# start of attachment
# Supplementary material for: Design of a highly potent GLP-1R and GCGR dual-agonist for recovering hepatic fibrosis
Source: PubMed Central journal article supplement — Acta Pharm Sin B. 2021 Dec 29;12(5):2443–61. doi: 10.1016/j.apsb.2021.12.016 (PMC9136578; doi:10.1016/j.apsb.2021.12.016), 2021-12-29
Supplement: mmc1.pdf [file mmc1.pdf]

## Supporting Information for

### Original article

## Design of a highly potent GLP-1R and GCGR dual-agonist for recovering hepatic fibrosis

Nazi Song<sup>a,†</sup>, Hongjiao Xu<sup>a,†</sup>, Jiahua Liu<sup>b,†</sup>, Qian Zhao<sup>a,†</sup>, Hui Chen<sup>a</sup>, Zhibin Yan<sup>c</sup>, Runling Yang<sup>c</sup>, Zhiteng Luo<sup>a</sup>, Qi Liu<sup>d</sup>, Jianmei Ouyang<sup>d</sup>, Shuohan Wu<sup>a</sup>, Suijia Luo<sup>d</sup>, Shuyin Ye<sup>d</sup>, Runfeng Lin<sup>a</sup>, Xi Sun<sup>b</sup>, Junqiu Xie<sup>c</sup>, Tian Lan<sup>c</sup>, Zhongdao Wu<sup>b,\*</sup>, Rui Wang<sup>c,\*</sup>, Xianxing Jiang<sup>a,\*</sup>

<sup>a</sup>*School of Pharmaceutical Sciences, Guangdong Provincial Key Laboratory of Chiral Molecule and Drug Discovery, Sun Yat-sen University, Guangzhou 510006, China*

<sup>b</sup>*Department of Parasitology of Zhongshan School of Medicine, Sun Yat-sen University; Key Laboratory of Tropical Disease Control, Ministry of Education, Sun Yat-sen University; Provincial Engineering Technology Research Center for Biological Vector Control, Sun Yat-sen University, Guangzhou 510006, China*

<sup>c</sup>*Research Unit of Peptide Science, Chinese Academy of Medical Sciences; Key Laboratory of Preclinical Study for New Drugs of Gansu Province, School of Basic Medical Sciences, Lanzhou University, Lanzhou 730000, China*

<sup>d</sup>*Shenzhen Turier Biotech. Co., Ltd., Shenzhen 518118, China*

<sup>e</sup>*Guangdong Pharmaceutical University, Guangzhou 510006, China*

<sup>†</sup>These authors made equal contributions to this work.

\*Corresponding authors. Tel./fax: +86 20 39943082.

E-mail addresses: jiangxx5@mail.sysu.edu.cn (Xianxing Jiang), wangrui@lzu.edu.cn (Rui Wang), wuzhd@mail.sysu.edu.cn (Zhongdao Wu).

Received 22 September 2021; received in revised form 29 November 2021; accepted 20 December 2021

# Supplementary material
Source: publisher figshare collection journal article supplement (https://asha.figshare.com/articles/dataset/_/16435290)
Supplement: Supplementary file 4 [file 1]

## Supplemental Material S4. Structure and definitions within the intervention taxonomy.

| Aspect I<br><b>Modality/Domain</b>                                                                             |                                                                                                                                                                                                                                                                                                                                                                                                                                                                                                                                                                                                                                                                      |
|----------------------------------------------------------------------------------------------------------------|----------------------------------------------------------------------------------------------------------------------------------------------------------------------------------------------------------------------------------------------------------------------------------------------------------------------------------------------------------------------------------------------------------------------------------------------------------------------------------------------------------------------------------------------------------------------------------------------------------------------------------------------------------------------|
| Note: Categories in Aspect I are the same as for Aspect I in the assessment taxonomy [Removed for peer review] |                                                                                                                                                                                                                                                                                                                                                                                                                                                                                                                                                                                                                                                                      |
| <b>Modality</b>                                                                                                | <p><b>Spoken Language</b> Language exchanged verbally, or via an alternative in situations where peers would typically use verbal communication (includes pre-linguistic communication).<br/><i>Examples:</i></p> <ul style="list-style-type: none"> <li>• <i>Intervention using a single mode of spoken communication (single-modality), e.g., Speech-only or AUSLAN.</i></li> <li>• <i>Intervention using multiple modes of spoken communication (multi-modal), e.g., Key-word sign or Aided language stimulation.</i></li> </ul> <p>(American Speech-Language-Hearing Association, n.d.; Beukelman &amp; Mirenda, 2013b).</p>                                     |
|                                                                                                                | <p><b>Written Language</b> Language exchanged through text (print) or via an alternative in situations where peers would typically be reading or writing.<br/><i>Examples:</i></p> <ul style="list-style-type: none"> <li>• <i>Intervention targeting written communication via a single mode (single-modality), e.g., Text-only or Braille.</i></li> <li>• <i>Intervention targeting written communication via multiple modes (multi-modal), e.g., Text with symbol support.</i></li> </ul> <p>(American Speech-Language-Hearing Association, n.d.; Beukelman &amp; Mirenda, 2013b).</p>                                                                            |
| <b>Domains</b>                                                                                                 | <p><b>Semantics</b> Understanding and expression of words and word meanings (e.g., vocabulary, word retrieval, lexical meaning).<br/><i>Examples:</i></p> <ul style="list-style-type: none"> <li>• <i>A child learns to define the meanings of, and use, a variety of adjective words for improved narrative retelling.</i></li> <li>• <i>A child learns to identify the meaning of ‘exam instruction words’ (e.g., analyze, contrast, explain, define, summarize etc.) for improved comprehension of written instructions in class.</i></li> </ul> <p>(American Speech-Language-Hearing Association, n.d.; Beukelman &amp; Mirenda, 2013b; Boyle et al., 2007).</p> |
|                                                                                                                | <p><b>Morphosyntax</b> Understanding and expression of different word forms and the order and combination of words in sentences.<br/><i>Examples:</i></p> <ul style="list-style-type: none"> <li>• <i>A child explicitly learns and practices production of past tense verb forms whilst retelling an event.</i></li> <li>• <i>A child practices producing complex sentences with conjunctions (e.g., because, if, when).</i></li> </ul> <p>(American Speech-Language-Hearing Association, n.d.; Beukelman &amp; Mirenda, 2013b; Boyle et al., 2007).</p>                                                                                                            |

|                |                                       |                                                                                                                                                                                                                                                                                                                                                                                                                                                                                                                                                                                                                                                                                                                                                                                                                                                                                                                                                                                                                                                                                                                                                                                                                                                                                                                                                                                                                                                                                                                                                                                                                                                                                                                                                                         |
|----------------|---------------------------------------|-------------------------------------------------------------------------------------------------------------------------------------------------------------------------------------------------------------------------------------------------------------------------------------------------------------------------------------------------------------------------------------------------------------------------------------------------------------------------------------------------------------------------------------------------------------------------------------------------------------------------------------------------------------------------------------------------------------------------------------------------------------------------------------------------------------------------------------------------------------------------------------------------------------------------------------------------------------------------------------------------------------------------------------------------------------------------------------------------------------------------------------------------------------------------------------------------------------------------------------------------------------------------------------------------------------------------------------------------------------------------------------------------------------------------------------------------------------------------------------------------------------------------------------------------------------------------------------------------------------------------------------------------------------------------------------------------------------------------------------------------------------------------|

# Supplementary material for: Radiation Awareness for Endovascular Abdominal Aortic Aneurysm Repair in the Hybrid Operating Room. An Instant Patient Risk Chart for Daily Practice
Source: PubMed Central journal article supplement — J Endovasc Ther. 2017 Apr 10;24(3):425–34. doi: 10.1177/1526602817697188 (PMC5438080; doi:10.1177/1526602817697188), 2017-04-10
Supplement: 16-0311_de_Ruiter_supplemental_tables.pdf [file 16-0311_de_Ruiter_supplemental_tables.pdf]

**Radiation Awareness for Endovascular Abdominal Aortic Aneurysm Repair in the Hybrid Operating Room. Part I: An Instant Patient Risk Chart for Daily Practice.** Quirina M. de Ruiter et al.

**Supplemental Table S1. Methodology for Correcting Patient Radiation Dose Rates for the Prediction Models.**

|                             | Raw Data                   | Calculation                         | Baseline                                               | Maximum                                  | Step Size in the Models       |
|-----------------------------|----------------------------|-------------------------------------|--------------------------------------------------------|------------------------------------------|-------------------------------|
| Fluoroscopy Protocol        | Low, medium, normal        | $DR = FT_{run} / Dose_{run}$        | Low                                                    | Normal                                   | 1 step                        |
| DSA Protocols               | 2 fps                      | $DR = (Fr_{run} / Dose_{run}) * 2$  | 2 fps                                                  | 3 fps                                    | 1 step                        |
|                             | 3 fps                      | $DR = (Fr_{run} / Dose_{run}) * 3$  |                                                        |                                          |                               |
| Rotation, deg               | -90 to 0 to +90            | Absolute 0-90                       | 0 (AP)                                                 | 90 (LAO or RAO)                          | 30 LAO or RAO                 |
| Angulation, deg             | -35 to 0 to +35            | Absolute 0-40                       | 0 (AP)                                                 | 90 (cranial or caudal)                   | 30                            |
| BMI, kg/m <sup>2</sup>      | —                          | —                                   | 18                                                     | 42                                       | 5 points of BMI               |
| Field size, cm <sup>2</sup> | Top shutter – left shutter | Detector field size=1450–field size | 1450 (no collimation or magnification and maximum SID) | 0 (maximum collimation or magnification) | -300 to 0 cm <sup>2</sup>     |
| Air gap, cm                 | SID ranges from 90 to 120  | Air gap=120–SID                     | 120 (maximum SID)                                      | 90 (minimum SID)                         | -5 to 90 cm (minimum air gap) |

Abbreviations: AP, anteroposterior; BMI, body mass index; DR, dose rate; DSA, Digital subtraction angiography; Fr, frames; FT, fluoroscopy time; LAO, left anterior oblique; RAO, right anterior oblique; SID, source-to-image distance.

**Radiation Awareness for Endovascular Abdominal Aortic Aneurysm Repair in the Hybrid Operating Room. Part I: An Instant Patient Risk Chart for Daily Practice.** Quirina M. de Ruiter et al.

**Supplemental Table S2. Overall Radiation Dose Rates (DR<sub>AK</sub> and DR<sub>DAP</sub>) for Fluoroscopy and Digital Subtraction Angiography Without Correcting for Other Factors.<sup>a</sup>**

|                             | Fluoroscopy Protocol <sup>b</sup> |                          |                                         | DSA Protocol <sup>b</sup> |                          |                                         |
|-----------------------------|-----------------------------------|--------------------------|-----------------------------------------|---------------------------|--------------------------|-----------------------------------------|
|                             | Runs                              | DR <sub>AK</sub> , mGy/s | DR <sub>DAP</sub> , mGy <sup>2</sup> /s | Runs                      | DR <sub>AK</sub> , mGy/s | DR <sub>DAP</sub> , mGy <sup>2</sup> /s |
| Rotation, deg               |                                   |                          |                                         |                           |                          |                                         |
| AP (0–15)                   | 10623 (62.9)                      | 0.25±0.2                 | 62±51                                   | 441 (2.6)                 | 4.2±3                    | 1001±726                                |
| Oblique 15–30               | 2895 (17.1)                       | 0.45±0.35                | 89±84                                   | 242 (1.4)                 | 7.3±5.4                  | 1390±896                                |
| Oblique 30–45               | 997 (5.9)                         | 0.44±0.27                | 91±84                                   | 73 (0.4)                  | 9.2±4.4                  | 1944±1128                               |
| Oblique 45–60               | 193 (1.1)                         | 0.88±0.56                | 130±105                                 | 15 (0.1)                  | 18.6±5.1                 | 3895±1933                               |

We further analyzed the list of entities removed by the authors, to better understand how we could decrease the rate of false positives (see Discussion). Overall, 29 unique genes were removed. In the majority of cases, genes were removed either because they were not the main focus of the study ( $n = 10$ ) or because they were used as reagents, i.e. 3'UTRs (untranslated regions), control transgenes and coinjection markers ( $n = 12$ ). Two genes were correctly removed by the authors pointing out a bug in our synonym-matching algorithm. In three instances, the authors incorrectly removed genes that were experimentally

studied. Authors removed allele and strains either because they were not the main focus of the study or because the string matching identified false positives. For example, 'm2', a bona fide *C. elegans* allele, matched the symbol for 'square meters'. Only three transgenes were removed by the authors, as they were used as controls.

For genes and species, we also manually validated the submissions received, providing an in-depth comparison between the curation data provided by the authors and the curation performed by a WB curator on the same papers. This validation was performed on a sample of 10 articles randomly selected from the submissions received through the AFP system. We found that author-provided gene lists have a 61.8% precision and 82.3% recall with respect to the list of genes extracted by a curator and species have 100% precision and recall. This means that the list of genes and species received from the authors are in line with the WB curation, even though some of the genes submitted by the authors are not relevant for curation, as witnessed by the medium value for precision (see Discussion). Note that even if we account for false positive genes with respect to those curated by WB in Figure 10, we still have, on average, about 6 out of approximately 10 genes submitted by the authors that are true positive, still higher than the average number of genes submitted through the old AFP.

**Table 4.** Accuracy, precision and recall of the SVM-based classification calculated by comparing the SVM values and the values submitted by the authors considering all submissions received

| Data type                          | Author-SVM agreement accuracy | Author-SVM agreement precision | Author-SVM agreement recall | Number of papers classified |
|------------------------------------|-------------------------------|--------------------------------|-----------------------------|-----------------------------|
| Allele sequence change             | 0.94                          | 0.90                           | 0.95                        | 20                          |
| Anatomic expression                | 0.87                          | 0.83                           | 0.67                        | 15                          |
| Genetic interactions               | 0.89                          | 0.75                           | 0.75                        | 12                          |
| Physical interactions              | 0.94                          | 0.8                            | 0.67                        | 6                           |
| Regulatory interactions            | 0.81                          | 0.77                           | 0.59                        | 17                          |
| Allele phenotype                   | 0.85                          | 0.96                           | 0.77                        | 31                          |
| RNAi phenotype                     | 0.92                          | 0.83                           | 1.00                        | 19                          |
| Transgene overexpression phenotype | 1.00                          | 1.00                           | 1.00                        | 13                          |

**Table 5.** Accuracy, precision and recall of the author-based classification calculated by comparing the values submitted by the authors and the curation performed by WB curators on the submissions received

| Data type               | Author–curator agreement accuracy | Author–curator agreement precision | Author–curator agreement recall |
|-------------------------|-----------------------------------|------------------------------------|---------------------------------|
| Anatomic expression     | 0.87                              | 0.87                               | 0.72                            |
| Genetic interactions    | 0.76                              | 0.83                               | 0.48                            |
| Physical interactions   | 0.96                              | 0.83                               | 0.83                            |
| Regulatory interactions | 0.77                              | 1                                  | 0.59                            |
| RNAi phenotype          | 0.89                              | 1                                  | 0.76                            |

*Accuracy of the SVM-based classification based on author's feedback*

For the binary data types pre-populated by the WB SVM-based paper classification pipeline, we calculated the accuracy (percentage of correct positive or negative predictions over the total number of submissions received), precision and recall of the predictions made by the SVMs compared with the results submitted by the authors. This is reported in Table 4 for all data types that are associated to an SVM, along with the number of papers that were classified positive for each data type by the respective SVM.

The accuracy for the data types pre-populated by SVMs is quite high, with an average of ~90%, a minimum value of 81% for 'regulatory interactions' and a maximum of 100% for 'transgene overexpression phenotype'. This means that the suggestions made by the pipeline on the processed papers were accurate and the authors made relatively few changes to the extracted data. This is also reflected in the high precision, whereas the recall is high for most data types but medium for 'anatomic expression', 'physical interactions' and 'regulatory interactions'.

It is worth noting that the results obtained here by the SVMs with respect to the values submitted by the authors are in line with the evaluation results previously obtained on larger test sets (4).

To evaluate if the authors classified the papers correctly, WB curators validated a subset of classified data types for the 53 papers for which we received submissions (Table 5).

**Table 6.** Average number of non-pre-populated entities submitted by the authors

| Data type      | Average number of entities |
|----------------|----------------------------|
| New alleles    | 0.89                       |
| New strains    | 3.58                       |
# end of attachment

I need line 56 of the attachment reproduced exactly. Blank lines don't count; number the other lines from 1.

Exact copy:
We further analyzed the list of entities removed by the authors, to better understand how we could decrease the rate of false positives (see Discussion). Overall, 29 unique genes were removed. In the majority of cases, genes were removed either because they were not the main focus of the study ( $n = 10$ ) or because they were used as reagents, i.e. 3'UTRs (untranslated regions), control transgenes and coinjection markers ( $n = 12$ ). Two genes were correctly removed by the authors pointing out a bug in our synonym-matching algorithm. In three instances, the authors incorrectly removed genes that were experimentally